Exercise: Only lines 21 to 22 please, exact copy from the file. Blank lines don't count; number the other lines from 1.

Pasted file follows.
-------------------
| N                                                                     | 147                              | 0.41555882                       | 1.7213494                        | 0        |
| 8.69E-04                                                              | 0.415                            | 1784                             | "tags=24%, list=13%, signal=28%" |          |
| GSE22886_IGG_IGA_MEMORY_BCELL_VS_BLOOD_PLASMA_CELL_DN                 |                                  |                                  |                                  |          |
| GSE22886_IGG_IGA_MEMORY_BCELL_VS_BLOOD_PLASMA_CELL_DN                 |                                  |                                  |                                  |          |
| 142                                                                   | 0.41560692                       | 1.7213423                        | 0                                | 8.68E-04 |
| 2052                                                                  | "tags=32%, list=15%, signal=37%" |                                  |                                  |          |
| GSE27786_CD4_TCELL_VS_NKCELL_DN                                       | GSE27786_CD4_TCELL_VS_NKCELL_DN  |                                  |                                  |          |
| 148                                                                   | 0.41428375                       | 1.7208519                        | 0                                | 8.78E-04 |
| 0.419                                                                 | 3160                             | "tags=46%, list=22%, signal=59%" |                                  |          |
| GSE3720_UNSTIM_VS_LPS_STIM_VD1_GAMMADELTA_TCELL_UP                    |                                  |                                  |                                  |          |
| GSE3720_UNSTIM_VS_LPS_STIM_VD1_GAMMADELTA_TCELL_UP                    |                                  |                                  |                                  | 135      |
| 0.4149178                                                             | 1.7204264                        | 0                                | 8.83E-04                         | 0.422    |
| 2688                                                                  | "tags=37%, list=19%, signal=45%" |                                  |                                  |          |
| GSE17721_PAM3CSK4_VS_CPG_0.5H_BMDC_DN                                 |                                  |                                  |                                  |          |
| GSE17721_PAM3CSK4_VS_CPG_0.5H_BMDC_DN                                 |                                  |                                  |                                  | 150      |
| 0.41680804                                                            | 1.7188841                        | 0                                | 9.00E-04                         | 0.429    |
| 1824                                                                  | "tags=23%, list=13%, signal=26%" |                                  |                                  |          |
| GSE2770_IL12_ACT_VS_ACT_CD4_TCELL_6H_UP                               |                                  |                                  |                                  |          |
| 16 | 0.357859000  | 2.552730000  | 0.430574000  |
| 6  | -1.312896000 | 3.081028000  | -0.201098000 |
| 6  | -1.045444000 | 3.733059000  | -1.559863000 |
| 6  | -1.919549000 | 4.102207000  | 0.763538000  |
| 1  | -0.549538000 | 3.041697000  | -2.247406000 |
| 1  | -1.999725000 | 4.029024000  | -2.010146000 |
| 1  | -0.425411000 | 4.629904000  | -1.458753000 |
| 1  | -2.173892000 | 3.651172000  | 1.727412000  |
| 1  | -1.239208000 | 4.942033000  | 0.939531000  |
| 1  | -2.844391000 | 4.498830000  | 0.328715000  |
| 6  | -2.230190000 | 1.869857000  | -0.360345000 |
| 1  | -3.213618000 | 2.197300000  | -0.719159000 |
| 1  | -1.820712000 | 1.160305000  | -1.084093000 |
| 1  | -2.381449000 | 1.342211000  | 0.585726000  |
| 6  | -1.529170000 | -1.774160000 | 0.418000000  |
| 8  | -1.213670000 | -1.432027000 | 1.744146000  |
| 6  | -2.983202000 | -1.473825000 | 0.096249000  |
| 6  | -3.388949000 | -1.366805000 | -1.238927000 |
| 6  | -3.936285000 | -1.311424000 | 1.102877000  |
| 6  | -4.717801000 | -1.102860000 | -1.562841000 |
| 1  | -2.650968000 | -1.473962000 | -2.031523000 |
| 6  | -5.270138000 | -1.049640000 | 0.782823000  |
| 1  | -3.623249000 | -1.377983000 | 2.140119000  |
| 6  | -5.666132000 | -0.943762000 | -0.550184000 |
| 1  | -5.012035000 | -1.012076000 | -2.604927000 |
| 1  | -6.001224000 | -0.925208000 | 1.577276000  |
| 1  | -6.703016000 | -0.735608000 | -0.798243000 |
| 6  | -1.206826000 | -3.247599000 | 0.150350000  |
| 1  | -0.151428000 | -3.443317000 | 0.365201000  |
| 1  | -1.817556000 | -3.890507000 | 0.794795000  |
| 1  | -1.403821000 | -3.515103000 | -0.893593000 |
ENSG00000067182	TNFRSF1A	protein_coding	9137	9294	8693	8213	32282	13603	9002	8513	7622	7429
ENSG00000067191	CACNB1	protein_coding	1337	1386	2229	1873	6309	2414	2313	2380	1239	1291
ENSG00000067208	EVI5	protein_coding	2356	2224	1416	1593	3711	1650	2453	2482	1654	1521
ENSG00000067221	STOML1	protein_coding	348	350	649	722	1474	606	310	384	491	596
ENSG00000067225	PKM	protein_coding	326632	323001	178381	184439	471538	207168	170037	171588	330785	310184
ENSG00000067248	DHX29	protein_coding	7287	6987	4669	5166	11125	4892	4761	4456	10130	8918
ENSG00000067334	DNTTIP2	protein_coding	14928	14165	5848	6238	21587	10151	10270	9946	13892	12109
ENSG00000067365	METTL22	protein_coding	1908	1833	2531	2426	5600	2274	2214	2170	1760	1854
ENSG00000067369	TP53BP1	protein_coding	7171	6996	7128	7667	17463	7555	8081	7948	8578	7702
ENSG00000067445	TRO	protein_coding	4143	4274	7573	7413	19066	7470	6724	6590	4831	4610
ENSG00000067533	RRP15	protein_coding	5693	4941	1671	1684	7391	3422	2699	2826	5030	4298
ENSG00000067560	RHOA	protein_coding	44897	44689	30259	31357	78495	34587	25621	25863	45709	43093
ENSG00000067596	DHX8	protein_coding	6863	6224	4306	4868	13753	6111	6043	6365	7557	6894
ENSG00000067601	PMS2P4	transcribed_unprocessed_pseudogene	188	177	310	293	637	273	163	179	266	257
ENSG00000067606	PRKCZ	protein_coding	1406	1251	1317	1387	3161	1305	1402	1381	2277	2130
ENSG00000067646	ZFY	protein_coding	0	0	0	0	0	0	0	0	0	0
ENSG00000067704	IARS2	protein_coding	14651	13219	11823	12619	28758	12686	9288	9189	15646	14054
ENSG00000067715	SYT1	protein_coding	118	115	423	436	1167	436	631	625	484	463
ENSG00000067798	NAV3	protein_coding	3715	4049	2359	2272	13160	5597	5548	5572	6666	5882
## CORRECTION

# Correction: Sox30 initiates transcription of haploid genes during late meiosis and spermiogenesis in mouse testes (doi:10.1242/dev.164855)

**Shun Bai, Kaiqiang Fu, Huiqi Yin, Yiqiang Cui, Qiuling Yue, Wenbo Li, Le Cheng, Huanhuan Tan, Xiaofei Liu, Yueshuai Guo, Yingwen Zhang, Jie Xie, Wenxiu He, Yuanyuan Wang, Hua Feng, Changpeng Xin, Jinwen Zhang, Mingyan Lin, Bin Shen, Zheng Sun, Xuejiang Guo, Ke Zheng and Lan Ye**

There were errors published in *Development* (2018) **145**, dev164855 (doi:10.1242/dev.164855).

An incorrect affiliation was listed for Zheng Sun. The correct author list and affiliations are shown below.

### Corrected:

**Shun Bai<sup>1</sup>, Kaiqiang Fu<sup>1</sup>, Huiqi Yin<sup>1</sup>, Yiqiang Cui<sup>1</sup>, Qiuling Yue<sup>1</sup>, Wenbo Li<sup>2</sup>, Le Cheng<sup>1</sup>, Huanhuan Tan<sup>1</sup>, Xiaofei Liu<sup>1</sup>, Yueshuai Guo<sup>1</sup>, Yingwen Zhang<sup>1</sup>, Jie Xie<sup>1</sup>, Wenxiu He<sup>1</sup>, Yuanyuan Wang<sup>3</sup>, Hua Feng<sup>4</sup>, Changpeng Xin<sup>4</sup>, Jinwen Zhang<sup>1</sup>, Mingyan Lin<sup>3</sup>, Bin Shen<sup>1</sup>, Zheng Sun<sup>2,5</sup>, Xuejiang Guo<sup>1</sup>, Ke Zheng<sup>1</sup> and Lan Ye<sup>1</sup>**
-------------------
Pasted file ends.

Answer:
| 6  | -1.045444000 | 3.733059000  | -1.559863000 |
| 6  | -1.919549000 | 4.102207000  | 0.763538000  |